Although many executives strive for stable earnings growth, finance theory and research have long suggested that the most sophisticated investors aren’t especially concerned about “normal” levels of variability in reported earnings. More recent research by the authors and their McKinsey colleagues also suggests that extraordinary efforts to achieve steady growth in earnings per share quarter after quarter aren’t worthwhile and may actually hurt the companies that undertake them. While such efforts to smooth earnings involve real costs, the research finds no meaningful relationship between earnings variability and valuation multiples or shareholder returns.
Based on these findings, as well as considerable experience in advising companies, the authors offer the following advice to senior executives:
• Managers shouldn’t shape their earnings targets or budgets just to meet consensus estimates. Companies that reduce spending on product development, sales and marketing, or other contributors to long-term growth are sacrificing long-term performance for the appearance of short-term strength.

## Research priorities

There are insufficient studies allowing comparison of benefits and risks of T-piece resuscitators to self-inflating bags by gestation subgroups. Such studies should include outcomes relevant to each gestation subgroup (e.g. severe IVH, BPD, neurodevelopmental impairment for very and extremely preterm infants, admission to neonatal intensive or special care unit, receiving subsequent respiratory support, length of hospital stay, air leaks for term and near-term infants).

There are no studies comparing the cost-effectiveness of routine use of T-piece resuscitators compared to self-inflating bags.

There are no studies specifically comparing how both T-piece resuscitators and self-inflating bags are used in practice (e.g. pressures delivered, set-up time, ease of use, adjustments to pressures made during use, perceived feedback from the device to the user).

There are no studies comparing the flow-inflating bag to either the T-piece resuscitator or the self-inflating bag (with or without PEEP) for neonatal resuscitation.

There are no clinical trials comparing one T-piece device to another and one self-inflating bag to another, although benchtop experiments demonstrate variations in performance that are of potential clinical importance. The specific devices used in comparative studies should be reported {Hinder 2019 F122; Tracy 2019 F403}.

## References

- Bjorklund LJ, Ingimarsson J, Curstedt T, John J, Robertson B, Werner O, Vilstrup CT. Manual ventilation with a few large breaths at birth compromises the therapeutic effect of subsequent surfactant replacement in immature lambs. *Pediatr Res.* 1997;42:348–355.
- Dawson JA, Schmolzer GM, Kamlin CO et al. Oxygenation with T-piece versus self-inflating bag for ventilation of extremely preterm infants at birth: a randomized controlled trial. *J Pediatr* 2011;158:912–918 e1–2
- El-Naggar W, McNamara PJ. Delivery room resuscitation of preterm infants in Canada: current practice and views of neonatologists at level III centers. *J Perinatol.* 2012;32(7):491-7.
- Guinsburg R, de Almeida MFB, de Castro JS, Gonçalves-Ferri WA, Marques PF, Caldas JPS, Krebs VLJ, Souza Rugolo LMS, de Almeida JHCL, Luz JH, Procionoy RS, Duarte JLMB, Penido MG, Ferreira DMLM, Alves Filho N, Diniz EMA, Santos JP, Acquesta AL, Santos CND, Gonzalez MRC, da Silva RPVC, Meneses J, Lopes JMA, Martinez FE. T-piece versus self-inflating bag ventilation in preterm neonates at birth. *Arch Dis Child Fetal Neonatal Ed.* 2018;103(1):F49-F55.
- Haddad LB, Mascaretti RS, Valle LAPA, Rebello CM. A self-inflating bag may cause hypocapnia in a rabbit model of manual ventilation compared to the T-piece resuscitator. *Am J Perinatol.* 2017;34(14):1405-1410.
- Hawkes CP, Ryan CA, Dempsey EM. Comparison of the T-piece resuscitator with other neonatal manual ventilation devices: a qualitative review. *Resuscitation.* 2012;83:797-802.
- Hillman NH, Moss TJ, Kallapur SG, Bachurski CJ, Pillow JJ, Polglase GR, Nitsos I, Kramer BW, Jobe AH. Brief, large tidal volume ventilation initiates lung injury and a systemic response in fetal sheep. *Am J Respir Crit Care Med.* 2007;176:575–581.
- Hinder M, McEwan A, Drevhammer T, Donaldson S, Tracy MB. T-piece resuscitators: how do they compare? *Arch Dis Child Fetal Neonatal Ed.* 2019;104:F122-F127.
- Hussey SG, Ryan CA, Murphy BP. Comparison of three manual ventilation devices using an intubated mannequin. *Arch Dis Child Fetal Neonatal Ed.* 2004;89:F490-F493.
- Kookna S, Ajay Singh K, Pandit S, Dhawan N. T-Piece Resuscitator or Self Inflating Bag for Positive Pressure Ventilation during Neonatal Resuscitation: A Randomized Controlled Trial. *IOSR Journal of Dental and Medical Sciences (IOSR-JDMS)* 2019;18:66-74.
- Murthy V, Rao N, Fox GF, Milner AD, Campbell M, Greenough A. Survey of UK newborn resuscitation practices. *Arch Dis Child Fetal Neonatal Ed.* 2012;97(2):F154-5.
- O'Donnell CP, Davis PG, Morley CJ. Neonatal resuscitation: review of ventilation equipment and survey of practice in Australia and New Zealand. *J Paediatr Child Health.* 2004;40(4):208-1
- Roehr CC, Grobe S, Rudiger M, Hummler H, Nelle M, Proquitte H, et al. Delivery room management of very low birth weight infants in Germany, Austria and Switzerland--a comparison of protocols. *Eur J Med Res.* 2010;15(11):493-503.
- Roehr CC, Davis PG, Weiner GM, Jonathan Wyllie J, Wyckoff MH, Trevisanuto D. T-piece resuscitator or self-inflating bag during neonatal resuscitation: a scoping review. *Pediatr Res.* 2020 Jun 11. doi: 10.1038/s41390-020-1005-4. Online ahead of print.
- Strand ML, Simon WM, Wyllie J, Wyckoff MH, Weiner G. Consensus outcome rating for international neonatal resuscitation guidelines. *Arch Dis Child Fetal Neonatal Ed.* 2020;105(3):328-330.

• As the year progresses, managers should likewise avoid costly, shortsighted actions to meet the consensus. Resist the temptation to offer customers end-of-year discounts to boost current-year sales, or to resort to creative accounting with accruals. Investors recognize these for what they are: borrowing from next year’s earnings.
Finally, companies should reconsider the practice of quarterly earnings guidance. Instead of providing frequent earnings guidance, companies should design their investor communication policies to help the market to understand their strategy, the underlying value drivers of their business, and the most important risks associated with the business—in short, to understand the long-term health and value of the enterprise.
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